Monday night – two nights ago – I was watching TV with my husband. The program he had been watching ended, and I took up the remote and began to scroll through the programming guide to see what else was on. I am weird like this: no matter what channel we are on, I need to scroll to channel 2 – to the beginning – and proceed from there. So I did, paging back from wherever we had been until I reached the beginning. And there, on channel 2 – "Carreras, Domingo and Pavarotti in Concert." I hit the info button – it was the 1990 concert in Rome. I hit "Select" and settled in for the night.
My grandfather died in 1988 – two years before the concert took place. I’m sure he was there, floating above in the night sky, eyes closed, index fingers twitching, perhaps, as he conducted along with Zubin Mehta. He would do that.
I know the whole concert by heart. I know some of the songs in Italian, or French, German, Spanish…and what I don’t know that way, I "know" phonetically. I even sing along with the orchestra. I’m sure I’m quite annoying to be around, but I don’t particularly care.
I thought about my grandfather while I watched and sang in my chair. I thought about my Mom, his only child, and wondered if she knew this was on, and if she was watching. The holiday season is tough on her, I know. But then, the season is tough on so many people who have lost loved ones and must celebrate without them in a chair at the dinner table.
I sat there and kind of waited to feel tearful. I really did. I waited for emotion to well up in me, perhaps while Domingo sang "e lucevan le stelle", and pour from my eyes. I waited to feel them sting a bit, and for my nose to feel prickly as it does when I’m going to cry. But none of that happened. I just listened, and sang along softly, and groaned and rolled my eyes whenever the program was interrupted because the public television station was in the middle of their fundraising. And I got annoyed with this one woman who kept pronouncing Pavarotti "pavarot-tay" – what is that? Get over yourself dear, you sound ridiculous.
And while there was singing, I also wondered if, maybe, I might suddenly smell some pipe tobacco. Of course that’s asking a lot, I know. He could be watching this from anywhere. Actually, he could be hanging out with Luciano instead, discussing other great tenors of the past and which arias were their favorites. But still…I wanted something to happen.
I’ve been watching Lisa Williams / Life Among the Dead. I thing she’s fabulous. First – because she seems genuine. And because she’s got a great smile and funky hair and a cute little blond son and an English accent. And because I have always been interested in the other side. And according to Lisa, yes, they do communicate – though not always in the ways you expect them to. So you have to be open to it, in whatever way it comes.
Well, I sniffed the air – quietly, so my husband wouldn’t wonder what my problem was – on and off for a while. Nothing. I physically tensed as I tried REALLY HARD to – I don’t know – squeeze pipe smoke from thin air through sheer force of will. Didn’t work.
During one of the breaks, when the smiling, unblinking, fund-raising folk returned, waving CDs and DVDs, I went upstairs to move our son out of our bed and into his own. He falls asleep on our bed because if both kids go to bed in the room they share, neither one falls asleep. So this is how we’re doing this for now. It can’t go on forever. My son is five and a half, and growing taller by the minute, it seems. It’s a production picking him up off of the bed – sound asleep, so he weighs twice what he weighs when he’s awake. I lean in and hug him to me and then bend my knees a bit and lean backward to shift his weight onto me instead of the bed, and then straighten up so I don’t fall over backwards. I lug him as gently as I can from our room down the short hall to the kids’ bedroom, trying not to whack one of his dangling legs against the door frame in the process. Then I heave him up so he’s somehow horizontal in my arms and then gently – in theory – set him down on the bed. Cover him with the sheet and blanket and comforter, kiss him on the cheek, whisper "I love you" in his ear. Sometimes he stays right where I put him, other times he sits up and slowly lays back down against the pillow, rearranging himself into a more comfortable position than the one I dumped him in, or he sometimes mumbles or babbles in his sleep.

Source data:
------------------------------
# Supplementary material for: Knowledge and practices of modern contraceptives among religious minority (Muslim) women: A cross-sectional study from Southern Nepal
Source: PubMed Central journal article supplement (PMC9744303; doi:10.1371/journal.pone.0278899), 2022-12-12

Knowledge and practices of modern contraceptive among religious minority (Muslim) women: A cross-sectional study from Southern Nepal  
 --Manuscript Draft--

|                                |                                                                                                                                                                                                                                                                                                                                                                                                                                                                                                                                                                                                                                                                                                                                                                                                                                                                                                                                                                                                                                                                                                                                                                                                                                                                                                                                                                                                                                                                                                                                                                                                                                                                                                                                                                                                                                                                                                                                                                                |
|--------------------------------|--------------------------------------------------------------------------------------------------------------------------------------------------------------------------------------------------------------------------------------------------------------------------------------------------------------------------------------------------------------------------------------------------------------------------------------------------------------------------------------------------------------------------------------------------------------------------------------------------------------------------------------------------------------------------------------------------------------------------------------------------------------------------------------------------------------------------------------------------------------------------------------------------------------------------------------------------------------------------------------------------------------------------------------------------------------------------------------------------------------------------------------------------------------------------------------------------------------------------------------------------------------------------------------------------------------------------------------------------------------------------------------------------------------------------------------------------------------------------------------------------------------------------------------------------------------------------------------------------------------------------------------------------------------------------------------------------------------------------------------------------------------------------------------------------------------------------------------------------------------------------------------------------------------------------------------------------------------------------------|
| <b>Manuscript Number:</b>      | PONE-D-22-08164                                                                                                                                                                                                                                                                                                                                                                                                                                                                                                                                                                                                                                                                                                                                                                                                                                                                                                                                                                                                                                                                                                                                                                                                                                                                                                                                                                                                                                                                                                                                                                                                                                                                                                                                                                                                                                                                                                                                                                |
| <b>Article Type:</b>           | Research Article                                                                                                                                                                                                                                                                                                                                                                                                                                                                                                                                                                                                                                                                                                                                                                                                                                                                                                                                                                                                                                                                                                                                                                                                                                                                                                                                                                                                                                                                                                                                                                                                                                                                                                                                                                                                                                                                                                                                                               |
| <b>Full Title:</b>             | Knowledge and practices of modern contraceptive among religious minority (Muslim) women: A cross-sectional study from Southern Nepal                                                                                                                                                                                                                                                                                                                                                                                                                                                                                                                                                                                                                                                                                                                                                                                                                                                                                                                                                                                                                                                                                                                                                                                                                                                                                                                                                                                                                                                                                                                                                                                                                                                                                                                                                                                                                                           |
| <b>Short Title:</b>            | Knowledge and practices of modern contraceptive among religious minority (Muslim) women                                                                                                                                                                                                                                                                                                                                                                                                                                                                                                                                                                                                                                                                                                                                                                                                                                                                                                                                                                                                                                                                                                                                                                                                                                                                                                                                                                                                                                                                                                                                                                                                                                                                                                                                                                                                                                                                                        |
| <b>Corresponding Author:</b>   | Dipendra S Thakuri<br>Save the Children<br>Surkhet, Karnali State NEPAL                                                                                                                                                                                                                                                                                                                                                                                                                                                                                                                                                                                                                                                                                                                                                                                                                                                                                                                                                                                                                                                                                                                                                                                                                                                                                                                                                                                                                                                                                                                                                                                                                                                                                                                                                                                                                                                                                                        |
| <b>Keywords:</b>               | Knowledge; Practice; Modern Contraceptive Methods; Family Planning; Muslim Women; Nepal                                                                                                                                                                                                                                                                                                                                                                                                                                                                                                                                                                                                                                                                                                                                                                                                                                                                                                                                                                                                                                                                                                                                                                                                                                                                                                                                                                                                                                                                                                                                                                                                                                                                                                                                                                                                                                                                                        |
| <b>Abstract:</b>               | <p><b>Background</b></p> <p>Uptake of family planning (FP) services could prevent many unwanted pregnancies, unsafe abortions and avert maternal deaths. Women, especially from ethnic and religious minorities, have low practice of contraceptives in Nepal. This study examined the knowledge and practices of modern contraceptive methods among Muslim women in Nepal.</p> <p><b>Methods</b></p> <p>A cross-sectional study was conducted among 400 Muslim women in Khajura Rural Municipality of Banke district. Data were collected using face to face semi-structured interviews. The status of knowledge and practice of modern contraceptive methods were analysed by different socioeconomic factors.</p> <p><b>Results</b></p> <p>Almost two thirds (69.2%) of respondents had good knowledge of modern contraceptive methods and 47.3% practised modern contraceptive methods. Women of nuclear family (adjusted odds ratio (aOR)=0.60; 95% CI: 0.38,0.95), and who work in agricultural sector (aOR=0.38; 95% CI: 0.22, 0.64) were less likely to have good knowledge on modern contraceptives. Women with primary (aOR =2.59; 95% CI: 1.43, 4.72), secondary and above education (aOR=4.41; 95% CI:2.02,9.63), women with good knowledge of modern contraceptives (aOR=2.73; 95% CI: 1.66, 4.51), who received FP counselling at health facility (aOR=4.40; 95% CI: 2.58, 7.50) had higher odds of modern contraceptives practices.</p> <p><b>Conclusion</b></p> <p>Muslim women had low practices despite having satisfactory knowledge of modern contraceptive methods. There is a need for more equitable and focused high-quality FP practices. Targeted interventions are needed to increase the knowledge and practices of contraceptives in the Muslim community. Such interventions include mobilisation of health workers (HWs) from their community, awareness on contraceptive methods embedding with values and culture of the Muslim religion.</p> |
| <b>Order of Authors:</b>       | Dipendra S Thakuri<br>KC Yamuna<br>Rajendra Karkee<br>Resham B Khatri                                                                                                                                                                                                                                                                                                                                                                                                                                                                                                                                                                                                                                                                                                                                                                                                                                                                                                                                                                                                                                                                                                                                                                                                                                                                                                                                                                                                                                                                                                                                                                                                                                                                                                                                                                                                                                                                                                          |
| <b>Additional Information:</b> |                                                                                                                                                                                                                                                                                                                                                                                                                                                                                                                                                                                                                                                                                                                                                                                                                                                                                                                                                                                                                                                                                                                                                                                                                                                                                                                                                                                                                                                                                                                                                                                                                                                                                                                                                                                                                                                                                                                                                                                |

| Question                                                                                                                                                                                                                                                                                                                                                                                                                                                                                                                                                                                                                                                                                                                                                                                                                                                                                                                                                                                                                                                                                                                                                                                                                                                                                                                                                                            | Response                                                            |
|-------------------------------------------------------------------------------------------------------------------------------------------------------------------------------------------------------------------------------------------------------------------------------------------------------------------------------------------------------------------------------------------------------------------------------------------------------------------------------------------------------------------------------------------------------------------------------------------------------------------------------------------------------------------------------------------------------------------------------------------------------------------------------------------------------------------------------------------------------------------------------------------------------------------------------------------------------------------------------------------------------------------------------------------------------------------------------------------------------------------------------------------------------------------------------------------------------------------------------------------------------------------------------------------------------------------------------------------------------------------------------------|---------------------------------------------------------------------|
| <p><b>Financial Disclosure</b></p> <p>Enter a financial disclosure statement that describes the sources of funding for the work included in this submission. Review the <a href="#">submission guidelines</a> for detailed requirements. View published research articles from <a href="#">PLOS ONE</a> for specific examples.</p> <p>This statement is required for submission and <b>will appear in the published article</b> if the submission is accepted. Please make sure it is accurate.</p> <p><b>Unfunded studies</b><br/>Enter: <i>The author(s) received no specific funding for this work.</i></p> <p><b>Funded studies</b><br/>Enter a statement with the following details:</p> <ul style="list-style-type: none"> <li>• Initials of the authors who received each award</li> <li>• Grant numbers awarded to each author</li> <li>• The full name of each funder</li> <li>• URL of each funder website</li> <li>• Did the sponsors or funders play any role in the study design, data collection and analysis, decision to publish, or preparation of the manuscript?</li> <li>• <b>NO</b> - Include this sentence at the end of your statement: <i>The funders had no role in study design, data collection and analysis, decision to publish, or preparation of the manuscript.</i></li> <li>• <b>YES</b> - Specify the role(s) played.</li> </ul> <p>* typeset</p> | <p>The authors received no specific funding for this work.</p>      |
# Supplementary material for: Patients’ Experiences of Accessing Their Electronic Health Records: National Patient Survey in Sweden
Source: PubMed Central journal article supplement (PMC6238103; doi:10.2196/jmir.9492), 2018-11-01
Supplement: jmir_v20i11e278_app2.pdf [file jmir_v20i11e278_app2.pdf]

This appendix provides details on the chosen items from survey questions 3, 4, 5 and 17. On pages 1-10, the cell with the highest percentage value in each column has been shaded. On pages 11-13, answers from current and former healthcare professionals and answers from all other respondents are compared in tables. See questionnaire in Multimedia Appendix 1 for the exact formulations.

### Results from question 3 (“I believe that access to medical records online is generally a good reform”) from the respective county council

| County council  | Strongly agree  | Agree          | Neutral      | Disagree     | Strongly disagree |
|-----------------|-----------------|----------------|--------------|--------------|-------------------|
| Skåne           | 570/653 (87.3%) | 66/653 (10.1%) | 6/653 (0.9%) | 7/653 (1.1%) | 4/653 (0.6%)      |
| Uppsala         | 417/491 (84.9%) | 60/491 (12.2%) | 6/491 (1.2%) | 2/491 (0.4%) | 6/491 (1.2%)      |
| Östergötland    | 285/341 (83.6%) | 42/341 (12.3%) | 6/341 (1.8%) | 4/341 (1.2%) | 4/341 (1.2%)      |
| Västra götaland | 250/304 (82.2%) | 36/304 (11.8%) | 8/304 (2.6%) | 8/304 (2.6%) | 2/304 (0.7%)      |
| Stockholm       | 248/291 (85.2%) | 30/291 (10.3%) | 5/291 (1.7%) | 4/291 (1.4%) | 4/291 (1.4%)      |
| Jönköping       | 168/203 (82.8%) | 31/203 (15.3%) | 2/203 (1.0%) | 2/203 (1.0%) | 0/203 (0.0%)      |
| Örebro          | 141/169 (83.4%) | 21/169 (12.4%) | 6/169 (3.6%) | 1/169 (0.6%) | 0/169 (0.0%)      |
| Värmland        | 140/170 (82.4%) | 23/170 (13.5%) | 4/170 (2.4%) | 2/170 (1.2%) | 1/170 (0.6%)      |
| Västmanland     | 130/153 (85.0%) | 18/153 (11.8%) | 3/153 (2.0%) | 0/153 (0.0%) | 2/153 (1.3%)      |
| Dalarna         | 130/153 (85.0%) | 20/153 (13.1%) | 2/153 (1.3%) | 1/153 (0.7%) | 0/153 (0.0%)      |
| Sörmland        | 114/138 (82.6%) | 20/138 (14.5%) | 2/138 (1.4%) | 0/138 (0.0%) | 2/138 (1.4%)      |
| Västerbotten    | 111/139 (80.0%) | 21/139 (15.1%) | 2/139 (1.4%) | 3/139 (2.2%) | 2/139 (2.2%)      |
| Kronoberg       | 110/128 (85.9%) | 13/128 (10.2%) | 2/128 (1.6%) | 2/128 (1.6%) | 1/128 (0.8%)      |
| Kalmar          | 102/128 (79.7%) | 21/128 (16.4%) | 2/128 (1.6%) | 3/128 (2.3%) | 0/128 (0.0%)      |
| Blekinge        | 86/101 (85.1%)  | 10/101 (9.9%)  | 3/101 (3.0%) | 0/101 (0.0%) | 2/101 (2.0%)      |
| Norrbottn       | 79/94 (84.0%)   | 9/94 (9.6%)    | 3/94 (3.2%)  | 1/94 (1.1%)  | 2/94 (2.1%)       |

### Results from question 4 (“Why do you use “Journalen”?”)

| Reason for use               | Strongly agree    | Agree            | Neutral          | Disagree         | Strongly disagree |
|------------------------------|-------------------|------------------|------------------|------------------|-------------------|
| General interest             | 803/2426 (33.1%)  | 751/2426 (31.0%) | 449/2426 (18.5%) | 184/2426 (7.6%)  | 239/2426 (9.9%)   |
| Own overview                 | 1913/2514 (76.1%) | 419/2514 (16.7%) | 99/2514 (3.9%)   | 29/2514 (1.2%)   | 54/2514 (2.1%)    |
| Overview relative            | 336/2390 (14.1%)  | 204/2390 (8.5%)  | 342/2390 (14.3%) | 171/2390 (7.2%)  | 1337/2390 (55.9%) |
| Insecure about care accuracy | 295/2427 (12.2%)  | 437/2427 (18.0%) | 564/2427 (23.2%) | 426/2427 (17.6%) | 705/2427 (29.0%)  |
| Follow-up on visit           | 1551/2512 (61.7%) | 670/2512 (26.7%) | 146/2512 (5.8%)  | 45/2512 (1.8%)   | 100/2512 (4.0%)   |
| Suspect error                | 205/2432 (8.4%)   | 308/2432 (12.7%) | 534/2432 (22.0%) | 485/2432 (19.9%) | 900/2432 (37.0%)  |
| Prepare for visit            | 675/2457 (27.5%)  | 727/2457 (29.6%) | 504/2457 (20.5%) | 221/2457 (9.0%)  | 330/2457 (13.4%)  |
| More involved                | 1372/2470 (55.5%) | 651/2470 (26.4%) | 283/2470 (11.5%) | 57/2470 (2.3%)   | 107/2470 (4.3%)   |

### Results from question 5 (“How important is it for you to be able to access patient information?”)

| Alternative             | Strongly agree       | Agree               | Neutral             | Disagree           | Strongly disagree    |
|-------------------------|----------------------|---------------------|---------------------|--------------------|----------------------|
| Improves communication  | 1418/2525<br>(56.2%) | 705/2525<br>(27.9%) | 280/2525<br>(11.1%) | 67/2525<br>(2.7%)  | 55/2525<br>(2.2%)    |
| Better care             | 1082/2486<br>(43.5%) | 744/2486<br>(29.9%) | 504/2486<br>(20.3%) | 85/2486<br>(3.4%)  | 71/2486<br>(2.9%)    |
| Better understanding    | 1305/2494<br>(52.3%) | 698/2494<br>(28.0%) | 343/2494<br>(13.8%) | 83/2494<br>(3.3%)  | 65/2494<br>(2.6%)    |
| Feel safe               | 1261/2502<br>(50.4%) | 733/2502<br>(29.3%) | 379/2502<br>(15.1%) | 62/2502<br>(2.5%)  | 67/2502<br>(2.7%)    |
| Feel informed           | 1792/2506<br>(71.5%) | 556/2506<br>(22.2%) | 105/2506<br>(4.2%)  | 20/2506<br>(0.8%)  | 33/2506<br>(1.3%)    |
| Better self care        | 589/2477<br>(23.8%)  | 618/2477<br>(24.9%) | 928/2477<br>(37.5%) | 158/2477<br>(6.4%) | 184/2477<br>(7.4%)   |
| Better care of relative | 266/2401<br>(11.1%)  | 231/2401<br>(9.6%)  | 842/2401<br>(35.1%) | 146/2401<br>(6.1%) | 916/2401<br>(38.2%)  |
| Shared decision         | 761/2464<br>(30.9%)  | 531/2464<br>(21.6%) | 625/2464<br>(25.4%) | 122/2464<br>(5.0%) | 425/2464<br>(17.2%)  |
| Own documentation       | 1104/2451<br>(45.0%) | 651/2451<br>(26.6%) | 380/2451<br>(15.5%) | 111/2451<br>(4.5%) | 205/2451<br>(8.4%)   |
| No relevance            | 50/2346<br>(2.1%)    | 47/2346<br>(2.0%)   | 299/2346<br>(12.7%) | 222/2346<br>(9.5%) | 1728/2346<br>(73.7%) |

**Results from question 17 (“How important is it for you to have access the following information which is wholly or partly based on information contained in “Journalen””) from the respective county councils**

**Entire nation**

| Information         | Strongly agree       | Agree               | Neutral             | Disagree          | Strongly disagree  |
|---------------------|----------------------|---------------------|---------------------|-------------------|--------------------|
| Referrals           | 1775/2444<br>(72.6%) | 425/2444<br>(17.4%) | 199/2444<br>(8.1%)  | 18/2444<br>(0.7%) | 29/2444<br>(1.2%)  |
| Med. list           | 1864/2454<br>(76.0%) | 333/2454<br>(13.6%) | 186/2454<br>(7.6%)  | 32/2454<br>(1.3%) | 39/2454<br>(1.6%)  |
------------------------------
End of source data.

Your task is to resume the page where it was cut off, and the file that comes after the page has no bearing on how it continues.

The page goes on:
So I got him settled in and whispered "I love you" and kissed him and was on my way toward the door when he spoke – perfectly clearly, as if he was awake, except that his eyes were closed.
And he said "I always love you."
I was so focused on not waking him or his sister up that what he said didn’t really hit me until I was sitting on the couch watching the last portion of the concert, where all three tenors are on stage for that one grand and glorious and fun medly of opera and musical theatre and folk songs.
And then I suddenly thought – huh? What did he say?
He said "I always love you."
Not "I will…" or "I have …. loved…" – future or past…
It was more like "I do" – something constant, in the present – in the ever-present tense. The always.
And I watched the remainder of that concert lying on the couch, snuggled under a blanket, smiling. I felt…happy. I didn’t feel sad at all. My nose refused to prickle; my eyes would not cry.
And – that’s a good thing, I think.
I don’t believe we are supposed to cry forever. I think we are supposed to live our lives – really live them – not wasting a single moment if possible. I think that is the best way to honor those we have lost. "Every day an adventure," as Grandad was wont to say. Our time here is precious. It’s wrong to waste a minute of it. I think we are supposed to love and cherish those around us – hug our loved ones tightly – and work hard and play hard and laugh and yes, remember, and move purposefully toward our destinations, wherever and whatever they may be.
Sure, maybe my son saying what he said, that way, that night, was a coincidence.
But I don’t believe in coincidences.
I do, however, believe love is endless.